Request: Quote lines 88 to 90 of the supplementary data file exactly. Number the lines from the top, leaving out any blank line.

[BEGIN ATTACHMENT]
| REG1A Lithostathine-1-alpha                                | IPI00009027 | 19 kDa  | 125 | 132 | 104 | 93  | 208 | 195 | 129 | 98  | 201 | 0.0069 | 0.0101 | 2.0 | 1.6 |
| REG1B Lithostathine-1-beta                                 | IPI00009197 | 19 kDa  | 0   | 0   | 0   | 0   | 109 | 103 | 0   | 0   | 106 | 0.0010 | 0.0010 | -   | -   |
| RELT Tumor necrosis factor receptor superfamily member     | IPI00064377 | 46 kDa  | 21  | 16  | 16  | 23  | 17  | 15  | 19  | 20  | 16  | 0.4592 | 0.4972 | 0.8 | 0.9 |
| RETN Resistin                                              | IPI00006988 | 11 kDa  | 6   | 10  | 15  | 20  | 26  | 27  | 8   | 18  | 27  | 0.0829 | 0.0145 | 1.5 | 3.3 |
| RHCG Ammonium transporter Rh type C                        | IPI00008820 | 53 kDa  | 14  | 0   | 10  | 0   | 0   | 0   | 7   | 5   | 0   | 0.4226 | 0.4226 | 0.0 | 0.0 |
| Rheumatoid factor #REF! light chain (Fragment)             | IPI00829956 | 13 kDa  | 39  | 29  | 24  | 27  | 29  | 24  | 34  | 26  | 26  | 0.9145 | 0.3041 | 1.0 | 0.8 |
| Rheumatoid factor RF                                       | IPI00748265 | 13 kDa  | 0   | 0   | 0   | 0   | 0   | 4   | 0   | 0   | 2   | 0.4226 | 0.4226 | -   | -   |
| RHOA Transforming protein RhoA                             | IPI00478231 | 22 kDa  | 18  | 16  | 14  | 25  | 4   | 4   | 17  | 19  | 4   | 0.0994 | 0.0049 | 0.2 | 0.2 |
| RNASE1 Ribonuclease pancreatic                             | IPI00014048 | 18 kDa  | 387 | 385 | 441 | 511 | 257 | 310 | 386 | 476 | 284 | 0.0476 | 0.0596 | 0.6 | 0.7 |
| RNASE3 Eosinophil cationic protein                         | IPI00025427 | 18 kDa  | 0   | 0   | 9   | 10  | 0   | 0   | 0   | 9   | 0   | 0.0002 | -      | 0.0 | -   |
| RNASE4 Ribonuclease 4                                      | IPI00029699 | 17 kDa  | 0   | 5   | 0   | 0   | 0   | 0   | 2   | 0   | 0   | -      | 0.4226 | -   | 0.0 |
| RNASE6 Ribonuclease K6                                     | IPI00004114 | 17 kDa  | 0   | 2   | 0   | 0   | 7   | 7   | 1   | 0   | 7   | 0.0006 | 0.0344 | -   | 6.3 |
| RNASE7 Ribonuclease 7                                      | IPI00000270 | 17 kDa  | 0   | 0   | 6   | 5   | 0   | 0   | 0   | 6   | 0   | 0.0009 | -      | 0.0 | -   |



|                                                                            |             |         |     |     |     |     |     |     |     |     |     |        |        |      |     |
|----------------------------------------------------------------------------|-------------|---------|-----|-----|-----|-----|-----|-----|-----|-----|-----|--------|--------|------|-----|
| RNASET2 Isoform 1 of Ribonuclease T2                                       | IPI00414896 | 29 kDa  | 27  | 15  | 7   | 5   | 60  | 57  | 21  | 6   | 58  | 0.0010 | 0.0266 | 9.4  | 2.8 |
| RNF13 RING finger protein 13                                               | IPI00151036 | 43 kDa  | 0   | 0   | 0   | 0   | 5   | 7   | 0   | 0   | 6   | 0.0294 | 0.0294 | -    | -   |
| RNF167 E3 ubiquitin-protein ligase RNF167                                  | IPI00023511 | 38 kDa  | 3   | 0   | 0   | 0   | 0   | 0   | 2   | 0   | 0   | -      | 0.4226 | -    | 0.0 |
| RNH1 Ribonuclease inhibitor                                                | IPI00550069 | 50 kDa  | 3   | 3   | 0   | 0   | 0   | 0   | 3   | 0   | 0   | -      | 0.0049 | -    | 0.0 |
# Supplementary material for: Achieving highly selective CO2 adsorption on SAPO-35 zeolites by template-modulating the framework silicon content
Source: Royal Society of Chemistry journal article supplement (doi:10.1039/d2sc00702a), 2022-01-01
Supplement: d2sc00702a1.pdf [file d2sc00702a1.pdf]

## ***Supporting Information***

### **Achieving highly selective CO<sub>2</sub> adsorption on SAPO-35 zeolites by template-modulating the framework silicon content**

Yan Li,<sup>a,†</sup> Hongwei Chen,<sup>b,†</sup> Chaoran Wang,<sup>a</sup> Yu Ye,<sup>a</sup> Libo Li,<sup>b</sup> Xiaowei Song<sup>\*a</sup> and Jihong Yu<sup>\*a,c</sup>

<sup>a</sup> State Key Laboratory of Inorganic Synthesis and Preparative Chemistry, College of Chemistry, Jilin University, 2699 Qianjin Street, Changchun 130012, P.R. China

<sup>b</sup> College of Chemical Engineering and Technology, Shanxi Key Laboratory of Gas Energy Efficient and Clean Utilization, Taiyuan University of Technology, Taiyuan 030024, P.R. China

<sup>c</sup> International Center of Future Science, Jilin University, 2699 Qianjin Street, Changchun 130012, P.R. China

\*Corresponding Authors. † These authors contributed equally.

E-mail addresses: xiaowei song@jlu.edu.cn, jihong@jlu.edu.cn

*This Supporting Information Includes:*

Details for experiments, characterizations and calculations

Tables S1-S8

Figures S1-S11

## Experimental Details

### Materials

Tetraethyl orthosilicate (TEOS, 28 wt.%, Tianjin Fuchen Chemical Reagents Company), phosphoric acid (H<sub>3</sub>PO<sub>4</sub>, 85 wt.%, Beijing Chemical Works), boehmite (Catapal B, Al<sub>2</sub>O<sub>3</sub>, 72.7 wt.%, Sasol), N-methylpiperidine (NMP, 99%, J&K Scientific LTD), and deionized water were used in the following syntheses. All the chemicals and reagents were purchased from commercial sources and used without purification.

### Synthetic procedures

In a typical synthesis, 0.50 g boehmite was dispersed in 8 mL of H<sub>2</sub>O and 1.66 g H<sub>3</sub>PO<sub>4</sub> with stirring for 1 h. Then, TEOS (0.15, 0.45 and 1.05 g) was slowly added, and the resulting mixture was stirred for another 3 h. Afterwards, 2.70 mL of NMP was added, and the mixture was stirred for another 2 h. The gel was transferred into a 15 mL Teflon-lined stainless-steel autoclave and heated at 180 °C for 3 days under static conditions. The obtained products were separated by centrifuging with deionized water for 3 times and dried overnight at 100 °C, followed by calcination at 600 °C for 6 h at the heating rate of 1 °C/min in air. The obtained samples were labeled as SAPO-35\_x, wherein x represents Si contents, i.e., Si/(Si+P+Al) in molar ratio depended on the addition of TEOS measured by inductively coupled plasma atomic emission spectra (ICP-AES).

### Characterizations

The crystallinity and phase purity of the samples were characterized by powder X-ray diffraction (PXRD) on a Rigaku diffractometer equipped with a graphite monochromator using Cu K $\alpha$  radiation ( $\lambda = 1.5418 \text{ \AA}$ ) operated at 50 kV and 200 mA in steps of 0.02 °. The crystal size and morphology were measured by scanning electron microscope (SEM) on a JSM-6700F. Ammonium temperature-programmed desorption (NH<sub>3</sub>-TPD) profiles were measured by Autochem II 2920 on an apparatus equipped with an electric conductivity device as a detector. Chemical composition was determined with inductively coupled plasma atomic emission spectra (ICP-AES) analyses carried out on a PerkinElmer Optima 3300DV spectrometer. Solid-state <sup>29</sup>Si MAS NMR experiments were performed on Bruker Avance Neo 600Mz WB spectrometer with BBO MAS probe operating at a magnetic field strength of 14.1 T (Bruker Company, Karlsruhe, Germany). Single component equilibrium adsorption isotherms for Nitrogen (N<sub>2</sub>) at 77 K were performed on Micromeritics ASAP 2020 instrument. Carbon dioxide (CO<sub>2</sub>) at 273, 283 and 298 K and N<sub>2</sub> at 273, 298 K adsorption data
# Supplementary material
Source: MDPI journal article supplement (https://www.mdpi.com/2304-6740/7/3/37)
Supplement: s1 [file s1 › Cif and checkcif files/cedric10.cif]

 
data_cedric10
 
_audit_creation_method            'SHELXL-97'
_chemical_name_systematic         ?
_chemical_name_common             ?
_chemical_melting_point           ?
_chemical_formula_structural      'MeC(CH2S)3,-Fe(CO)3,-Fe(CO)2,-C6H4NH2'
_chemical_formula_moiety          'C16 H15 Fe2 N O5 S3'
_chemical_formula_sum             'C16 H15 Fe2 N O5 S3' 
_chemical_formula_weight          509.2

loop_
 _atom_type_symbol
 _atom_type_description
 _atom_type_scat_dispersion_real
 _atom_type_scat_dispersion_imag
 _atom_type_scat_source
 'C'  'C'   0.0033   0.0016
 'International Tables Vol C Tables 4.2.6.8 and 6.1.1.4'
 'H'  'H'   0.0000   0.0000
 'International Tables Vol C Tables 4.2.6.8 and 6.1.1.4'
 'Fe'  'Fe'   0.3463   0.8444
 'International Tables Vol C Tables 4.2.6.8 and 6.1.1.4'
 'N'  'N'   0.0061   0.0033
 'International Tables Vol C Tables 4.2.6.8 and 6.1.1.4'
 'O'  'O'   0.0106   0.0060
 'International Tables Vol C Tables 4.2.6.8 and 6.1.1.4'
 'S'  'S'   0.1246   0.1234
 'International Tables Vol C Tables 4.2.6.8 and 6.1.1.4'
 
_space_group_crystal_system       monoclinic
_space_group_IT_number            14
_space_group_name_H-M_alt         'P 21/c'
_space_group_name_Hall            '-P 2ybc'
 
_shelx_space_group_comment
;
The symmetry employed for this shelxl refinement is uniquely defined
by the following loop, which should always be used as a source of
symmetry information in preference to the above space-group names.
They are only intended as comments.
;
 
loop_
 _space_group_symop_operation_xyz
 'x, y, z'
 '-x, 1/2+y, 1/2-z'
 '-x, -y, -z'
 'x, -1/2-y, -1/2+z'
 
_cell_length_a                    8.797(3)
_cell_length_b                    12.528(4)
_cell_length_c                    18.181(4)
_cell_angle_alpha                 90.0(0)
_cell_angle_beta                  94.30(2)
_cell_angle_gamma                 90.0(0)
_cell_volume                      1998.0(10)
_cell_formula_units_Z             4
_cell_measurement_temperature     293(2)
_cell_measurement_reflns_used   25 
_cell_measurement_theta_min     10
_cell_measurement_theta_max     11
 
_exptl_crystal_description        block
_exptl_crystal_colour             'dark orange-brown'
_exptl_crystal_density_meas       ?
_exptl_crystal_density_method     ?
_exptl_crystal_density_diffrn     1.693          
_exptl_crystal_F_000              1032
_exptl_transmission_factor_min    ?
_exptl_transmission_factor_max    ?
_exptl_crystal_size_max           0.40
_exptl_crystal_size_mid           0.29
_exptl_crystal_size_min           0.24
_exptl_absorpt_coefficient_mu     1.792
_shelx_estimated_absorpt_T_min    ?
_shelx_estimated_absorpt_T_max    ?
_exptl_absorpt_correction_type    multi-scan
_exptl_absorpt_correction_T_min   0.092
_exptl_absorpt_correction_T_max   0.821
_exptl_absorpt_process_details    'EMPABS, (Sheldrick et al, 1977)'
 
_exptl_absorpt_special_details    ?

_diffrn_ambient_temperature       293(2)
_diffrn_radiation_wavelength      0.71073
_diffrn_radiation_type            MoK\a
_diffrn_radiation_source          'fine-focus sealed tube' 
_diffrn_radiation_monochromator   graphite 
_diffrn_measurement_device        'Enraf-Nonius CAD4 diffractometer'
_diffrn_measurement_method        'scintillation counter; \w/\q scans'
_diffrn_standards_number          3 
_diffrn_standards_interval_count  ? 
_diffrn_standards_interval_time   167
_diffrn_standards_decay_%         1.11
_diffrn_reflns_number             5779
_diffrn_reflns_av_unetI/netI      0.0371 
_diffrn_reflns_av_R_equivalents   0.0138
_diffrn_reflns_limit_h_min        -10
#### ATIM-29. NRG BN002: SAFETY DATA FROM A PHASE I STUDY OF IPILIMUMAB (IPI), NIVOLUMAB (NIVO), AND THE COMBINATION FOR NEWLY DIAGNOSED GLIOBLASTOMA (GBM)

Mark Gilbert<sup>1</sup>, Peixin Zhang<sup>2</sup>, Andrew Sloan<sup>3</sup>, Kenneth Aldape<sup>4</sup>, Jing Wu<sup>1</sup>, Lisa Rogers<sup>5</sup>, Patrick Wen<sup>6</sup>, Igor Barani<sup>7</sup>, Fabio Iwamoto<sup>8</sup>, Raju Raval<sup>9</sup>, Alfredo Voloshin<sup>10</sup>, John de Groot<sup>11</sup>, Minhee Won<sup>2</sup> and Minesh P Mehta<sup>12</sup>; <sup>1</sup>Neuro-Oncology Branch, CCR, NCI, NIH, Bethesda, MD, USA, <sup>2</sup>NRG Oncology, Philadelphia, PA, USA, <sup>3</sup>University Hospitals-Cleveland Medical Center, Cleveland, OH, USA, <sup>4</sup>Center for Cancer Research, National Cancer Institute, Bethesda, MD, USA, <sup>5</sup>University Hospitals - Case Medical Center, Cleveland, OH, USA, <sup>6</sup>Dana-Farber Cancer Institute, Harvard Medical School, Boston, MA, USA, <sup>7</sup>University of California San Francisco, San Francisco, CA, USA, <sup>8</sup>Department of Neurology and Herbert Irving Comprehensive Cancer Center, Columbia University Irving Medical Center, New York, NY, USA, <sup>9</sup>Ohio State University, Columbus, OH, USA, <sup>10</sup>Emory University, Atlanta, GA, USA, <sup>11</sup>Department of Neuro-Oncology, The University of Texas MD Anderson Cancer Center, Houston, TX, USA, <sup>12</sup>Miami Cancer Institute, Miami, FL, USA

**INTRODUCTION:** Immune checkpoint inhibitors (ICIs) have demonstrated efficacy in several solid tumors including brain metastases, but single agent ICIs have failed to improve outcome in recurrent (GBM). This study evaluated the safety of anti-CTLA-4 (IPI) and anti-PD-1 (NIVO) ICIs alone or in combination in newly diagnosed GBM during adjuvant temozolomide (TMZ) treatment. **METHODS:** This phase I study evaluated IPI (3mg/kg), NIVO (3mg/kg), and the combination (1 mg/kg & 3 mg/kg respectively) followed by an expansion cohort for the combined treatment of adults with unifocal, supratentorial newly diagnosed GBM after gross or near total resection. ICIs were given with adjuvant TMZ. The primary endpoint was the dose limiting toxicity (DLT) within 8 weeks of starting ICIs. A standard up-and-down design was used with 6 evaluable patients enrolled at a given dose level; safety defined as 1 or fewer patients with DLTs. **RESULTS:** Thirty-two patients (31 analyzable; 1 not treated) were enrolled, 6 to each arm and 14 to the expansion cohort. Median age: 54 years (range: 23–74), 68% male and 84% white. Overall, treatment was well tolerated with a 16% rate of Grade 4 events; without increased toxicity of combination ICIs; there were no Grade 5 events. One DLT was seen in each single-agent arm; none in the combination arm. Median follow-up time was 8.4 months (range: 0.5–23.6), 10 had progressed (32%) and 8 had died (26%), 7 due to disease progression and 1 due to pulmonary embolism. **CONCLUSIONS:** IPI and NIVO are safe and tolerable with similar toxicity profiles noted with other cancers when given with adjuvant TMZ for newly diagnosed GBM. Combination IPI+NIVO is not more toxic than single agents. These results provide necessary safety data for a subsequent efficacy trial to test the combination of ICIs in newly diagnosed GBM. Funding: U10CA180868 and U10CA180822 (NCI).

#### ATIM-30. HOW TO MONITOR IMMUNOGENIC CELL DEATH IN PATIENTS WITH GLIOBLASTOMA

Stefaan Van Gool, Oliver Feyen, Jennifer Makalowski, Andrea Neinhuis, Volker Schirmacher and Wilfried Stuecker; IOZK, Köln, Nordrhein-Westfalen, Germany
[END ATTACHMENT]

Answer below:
 'x, -1/2-y, -1/2+z'
 
_cell_length_a                    8.797(3)
_cell_length_b                    12.528(4)